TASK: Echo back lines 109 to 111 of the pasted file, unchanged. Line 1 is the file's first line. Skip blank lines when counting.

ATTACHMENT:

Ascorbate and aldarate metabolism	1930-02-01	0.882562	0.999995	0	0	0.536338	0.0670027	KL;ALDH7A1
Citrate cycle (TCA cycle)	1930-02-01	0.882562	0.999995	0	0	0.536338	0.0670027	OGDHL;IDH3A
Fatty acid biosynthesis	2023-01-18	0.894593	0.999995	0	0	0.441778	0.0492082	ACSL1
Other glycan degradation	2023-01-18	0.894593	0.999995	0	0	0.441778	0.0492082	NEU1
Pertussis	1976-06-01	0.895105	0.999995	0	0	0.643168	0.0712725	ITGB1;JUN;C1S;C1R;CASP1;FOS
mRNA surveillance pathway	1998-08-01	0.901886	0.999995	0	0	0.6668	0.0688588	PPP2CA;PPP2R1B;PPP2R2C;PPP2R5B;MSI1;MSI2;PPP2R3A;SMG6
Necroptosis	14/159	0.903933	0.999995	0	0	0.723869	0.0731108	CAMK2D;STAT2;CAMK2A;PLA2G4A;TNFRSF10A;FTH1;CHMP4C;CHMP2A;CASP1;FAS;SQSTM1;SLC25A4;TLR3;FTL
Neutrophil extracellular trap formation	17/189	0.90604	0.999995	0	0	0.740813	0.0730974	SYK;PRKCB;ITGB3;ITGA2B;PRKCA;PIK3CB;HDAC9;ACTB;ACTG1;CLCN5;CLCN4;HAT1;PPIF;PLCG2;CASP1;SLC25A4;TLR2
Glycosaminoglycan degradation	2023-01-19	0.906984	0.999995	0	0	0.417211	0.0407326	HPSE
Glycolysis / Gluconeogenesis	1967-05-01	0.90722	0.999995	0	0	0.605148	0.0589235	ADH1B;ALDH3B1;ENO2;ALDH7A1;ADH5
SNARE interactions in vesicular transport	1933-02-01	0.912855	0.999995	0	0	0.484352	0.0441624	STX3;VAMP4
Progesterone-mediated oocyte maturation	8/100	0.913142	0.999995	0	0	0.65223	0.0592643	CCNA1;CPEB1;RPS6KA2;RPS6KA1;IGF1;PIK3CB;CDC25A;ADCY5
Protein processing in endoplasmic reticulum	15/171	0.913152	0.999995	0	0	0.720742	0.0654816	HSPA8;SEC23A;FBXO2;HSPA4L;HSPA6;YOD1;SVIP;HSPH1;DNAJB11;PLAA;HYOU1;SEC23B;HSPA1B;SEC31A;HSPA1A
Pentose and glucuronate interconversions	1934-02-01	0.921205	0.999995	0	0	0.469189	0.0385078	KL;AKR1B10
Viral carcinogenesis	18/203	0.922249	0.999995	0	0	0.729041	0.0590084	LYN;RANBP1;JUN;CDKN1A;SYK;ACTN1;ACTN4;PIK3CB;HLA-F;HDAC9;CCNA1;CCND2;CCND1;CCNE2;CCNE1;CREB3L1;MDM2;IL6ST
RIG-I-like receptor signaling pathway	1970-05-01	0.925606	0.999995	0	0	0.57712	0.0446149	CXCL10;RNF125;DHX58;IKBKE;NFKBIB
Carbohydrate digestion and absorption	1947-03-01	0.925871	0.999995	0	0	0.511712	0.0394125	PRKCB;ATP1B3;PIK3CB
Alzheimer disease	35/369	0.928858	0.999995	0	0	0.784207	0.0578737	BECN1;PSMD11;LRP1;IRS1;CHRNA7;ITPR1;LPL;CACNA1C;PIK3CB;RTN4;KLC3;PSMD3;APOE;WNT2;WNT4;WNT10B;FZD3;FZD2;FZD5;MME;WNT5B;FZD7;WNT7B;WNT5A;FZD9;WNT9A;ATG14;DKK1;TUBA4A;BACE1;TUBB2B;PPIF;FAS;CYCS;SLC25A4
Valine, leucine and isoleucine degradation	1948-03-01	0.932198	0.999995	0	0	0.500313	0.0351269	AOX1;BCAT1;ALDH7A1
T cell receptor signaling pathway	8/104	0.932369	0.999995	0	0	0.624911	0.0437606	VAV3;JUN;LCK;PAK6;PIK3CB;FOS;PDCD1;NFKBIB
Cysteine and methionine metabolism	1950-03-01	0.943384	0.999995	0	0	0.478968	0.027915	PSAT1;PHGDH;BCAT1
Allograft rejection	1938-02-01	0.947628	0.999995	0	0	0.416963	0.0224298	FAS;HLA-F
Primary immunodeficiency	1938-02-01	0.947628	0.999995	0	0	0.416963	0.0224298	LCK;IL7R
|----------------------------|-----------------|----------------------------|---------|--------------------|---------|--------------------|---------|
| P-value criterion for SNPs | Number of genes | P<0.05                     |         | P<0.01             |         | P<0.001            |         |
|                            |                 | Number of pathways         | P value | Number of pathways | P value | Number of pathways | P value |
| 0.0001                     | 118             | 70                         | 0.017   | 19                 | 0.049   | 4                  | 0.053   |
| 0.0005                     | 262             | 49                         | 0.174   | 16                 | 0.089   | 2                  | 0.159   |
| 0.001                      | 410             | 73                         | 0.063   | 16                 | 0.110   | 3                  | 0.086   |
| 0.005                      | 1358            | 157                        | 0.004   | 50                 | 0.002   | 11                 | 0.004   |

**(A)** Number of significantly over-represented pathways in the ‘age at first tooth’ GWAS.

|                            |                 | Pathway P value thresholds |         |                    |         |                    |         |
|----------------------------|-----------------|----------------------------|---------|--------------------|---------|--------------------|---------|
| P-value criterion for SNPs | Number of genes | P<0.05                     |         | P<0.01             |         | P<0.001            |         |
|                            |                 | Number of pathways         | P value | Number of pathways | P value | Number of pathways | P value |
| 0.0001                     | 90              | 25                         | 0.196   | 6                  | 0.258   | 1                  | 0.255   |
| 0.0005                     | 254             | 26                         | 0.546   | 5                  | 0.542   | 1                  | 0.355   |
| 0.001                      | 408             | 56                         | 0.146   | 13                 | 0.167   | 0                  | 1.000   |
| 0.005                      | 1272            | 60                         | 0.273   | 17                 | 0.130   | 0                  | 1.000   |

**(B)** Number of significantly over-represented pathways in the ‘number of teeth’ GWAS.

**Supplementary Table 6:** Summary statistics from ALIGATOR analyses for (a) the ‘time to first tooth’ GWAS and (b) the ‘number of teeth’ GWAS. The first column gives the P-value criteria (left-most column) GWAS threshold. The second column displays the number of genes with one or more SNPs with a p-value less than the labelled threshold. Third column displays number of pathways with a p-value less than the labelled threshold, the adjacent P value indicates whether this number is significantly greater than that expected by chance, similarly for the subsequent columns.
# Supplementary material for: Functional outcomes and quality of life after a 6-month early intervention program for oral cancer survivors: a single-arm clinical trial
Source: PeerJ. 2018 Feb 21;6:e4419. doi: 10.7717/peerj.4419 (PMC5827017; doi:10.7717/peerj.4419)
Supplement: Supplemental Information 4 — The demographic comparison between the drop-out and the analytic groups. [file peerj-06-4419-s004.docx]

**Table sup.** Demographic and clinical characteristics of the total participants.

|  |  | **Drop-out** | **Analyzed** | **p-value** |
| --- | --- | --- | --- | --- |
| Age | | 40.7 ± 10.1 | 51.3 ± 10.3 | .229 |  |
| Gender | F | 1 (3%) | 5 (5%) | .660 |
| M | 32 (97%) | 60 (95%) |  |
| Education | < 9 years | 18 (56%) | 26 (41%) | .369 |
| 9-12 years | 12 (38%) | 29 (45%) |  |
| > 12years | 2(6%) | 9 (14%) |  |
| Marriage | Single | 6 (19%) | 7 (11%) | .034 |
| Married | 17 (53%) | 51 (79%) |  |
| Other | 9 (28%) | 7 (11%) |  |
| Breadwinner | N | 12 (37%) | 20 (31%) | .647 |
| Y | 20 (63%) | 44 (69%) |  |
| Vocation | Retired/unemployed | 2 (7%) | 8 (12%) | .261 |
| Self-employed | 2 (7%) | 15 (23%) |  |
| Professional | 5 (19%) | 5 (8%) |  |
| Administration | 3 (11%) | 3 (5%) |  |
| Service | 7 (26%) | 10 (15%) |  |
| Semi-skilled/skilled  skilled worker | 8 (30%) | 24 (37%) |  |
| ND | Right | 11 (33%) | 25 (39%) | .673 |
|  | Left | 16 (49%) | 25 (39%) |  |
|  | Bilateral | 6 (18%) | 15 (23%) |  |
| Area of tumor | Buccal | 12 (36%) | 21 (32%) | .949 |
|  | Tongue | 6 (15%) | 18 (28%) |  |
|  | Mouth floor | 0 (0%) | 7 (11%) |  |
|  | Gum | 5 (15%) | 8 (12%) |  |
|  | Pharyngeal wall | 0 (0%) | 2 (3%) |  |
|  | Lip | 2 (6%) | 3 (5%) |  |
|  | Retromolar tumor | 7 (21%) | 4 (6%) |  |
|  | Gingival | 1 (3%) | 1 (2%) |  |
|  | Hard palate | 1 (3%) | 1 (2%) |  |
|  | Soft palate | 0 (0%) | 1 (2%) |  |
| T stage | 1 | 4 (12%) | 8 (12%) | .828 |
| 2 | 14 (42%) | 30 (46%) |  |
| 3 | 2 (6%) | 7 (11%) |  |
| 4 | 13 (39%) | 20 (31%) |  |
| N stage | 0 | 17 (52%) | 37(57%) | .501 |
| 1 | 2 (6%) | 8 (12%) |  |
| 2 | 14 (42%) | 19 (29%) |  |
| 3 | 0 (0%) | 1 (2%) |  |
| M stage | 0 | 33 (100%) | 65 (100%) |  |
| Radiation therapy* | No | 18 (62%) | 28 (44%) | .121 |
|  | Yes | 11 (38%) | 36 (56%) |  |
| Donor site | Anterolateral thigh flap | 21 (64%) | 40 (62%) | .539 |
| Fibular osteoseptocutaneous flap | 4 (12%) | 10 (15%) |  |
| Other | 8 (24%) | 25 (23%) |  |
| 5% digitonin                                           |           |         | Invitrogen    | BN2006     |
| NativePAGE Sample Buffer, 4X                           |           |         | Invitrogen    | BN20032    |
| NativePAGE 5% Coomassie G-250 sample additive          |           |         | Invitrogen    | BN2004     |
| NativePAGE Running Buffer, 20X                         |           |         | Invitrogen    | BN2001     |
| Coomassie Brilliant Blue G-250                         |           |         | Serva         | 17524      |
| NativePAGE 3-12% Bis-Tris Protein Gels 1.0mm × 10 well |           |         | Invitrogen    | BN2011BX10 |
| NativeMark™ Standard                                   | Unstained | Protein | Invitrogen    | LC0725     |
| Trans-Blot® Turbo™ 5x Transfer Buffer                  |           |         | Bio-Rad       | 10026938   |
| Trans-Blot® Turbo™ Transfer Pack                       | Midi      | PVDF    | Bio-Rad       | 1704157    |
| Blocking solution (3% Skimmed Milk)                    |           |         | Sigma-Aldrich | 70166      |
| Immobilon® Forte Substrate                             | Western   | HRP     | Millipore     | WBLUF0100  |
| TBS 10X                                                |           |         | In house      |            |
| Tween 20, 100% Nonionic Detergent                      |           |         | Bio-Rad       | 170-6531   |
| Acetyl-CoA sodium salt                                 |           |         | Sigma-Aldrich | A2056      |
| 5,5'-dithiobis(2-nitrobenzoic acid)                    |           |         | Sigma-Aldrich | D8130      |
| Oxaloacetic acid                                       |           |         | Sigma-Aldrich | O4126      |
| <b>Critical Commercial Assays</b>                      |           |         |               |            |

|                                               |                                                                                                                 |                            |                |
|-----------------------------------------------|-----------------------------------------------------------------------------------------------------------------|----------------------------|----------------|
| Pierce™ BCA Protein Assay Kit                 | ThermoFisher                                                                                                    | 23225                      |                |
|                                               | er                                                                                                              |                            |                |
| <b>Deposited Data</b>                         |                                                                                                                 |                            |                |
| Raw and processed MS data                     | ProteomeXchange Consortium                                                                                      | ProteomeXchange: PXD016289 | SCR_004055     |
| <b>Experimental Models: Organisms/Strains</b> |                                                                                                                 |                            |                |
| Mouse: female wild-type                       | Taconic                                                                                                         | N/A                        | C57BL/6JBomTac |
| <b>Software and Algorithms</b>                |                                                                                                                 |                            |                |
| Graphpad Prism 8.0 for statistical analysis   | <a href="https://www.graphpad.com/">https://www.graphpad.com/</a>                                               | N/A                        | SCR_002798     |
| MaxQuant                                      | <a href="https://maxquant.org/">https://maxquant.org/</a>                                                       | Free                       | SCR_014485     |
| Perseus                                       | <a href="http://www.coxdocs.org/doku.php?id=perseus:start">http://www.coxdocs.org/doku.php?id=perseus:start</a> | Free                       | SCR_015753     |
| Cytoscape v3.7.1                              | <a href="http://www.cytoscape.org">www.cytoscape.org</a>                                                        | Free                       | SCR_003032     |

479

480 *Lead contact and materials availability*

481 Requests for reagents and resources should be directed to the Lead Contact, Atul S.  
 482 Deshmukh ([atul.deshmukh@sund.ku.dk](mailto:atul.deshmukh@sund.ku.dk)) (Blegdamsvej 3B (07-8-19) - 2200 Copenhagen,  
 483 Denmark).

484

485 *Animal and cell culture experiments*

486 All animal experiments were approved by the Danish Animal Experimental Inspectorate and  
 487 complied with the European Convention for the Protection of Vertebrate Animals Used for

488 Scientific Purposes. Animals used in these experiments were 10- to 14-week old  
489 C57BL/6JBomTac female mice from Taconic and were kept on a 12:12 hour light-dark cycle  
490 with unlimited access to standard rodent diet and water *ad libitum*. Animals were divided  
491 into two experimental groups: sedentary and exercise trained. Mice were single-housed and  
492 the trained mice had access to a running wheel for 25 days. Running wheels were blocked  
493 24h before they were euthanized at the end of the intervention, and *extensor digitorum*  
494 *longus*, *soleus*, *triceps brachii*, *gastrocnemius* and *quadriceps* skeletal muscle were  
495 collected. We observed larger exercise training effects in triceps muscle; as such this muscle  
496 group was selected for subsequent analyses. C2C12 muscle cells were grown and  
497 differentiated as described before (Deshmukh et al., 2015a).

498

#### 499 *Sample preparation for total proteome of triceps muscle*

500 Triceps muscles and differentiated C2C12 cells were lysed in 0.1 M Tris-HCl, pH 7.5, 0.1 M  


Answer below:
|                                               |                                                                                                                 |                            |                |
|-----------------------------------------------|-----------------------------------------------------------------------------------------------------------------|----------------------------|----------------|
| Pierce™ BCA Protein Assay Kit                 | ThermoFisher                                                                                                    | 23225                      |                |